MILWAUKEE – A girl from Wisconsin who was lured into the woods by two friends and stabbed 19 times in an attempt to please a fictional horror character called Slender Man said she had come to terms with some aspects of the attack but that ‘she was still sleeping with broken scissors “just in case.”
In his first interview on the 2014 attack, which aired on Friday, Payton Leutner told ABC News that despite her lingering trauma, she “has come to accept all the scars I have.”
“It’s just a part of me,” she said.
Leutner was 12 when two of her 12-year-old friends Morgan Geyser and Anissa Weier lured her to a sleepover at a nearby woodland park in the Milwaukee suburb of Waukesha, investigators said.
In the ABC interview, Leutner recalled how, before the stabbing, Weier told him to lie on the ground and cover himself with sticks and leaves to hide, as part of what Leutner believed to be a game of hiding. hidden.
“But it was really just a trick to get me out there,” Leutner said.
With Leutner on the ground, Geyser stabbed her 19 times before she and Weier left Leutner for dead. Leutner said she eventually got up, grabbed some trees for support and made her way to a nearby road where a cyclist found her and called for help.
The case gained attention because of the girls’ youth, the violence of the attack and the fact that both attackers said they did it because they believed Slender Man would hurt them and their children. families.
Geyser and Weier were charged as adults and ultimately pleaded guilty, with Geyser given a harsher sentence because she was the one who actually stabbed, prosecutors said.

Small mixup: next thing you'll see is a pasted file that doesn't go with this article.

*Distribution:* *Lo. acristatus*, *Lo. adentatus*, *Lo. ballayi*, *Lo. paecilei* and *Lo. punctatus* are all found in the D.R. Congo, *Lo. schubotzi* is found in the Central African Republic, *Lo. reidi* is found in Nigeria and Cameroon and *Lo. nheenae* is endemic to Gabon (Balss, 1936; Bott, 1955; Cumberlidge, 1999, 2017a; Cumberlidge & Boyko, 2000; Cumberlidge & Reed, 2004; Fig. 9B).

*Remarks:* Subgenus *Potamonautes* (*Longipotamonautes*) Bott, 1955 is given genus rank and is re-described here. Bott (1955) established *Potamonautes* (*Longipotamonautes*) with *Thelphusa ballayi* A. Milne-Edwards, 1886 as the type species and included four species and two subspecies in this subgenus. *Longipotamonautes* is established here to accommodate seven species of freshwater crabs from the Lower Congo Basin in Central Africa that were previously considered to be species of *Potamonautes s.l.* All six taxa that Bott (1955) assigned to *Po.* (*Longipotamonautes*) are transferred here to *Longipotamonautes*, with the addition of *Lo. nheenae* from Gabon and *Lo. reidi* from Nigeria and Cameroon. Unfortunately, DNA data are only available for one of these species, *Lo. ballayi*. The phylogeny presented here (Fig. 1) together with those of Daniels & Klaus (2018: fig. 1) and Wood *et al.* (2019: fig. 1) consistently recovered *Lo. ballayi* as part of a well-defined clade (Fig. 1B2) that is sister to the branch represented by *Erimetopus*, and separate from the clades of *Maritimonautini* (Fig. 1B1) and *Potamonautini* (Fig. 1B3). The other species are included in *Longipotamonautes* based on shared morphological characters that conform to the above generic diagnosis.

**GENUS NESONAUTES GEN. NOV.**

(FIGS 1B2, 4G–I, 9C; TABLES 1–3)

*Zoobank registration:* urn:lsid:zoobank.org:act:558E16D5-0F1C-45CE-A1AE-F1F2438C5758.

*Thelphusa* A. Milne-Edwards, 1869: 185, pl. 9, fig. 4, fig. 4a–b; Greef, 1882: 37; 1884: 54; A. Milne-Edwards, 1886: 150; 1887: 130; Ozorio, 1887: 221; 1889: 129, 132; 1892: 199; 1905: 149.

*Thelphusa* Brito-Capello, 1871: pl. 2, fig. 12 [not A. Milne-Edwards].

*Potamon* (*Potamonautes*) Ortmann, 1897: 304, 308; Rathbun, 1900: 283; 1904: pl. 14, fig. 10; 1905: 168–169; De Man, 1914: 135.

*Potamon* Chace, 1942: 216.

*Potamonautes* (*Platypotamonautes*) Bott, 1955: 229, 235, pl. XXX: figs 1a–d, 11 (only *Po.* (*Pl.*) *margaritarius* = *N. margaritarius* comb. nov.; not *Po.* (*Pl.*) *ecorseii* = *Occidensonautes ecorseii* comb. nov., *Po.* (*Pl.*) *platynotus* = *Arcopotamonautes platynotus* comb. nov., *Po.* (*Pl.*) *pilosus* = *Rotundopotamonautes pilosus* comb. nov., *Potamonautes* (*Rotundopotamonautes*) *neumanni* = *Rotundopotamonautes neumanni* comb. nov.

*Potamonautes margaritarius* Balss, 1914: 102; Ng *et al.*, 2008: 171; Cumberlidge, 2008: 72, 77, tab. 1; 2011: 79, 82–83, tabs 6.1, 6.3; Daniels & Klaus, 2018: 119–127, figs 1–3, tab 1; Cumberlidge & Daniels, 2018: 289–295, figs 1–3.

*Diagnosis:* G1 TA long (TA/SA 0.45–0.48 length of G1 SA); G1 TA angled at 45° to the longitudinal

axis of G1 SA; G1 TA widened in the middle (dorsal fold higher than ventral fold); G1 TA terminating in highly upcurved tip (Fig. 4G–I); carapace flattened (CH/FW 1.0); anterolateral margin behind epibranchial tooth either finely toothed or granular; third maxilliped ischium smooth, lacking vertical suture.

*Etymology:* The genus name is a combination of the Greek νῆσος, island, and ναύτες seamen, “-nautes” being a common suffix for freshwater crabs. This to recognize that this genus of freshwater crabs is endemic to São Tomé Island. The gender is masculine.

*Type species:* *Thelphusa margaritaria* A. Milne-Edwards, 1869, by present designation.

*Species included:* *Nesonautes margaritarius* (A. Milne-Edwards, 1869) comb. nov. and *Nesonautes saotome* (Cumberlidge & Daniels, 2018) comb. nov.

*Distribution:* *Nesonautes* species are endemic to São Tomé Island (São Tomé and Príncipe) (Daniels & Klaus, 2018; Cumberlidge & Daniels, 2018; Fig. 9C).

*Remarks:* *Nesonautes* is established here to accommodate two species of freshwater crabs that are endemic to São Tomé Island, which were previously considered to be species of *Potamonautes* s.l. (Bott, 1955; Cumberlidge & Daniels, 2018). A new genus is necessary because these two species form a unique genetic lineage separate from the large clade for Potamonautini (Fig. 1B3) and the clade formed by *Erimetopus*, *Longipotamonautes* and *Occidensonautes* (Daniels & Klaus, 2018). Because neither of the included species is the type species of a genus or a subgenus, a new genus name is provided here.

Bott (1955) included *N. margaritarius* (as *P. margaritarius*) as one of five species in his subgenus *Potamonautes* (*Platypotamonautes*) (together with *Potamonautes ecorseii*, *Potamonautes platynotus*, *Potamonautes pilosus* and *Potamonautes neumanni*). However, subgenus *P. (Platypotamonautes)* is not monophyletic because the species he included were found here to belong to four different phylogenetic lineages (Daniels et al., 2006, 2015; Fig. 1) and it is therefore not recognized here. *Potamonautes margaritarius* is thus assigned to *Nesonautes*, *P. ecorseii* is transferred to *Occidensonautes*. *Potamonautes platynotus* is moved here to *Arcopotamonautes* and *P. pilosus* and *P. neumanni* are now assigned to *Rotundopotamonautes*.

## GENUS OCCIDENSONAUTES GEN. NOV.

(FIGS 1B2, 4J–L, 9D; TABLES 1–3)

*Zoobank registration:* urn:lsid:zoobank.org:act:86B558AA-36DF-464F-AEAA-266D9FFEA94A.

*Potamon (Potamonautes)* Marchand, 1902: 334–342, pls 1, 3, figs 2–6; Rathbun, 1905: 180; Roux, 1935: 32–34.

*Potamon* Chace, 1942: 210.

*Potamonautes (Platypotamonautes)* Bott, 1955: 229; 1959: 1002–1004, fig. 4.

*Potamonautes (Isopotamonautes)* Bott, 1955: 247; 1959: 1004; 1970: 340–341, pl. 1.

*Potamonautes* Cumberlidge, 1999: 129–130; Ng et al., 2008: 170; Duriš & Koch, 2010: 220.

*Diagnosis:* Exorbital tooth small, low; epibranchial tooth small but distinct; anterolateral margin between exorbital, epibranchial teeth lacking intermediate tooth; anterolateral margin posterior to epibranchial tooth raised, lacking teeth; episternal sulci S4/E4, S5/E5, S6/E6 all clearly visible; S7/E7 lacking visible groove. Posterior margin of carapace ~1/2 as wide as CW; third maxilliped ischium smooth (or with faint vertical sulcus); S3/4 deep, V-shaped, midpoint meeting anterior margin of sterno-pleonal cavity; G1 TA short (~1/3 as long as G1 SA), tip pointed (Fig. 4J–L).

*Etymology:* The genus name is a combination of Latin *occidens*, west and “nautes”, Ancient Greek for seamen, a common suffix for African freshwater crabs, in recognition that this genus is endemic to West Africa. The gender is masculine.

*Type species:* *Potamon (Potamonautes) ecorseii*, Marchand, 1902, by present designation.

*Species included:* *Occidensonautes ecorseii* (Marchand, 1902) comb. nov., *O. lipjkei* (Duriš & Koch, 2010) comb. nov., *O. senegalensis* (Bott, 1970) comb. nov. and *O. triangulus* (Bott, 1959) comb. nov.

Geyser was sentenced to spend 40 years in a mental institution. Weier has been engaged in a mental health facility for 25 years.
Leutner told ABC News that charging his abusers as adults was the right move.
“If they stole a candy bar, of course it’s a child. But you tried to kill someone. It’s an adult crime,” she said.
Leutner said she no longer wanted to see or speak to Geyser and Weier again, and that what Geyser had done was “probably unforgivable.”
She said she wasn’t surprised when she heard about Geyser’s motif “because she believed in this thing so much that she would do anything for it.” Still, she said “it was a little shocking for me to see that they had this big, huge plan that they had been working on for months.”
Even though she no longer wants to talk to her attackers, Leutner was surprised when asked what she would say to Geyser if she spoke to him.
“I would probably thank her first,” Leutner said. “I would say, ‘Just because of what she did, I have the life that I have now. I really, really love him and have a plan. I didn’t have a plan when I was 12, and now I’m doing it because of everything I’ve been through. ‘”
Leutner, now 17, is a high school student and plans to go to college in 2020. She wants to pursue a medical career, which she says is a goal inspired by what happened to her.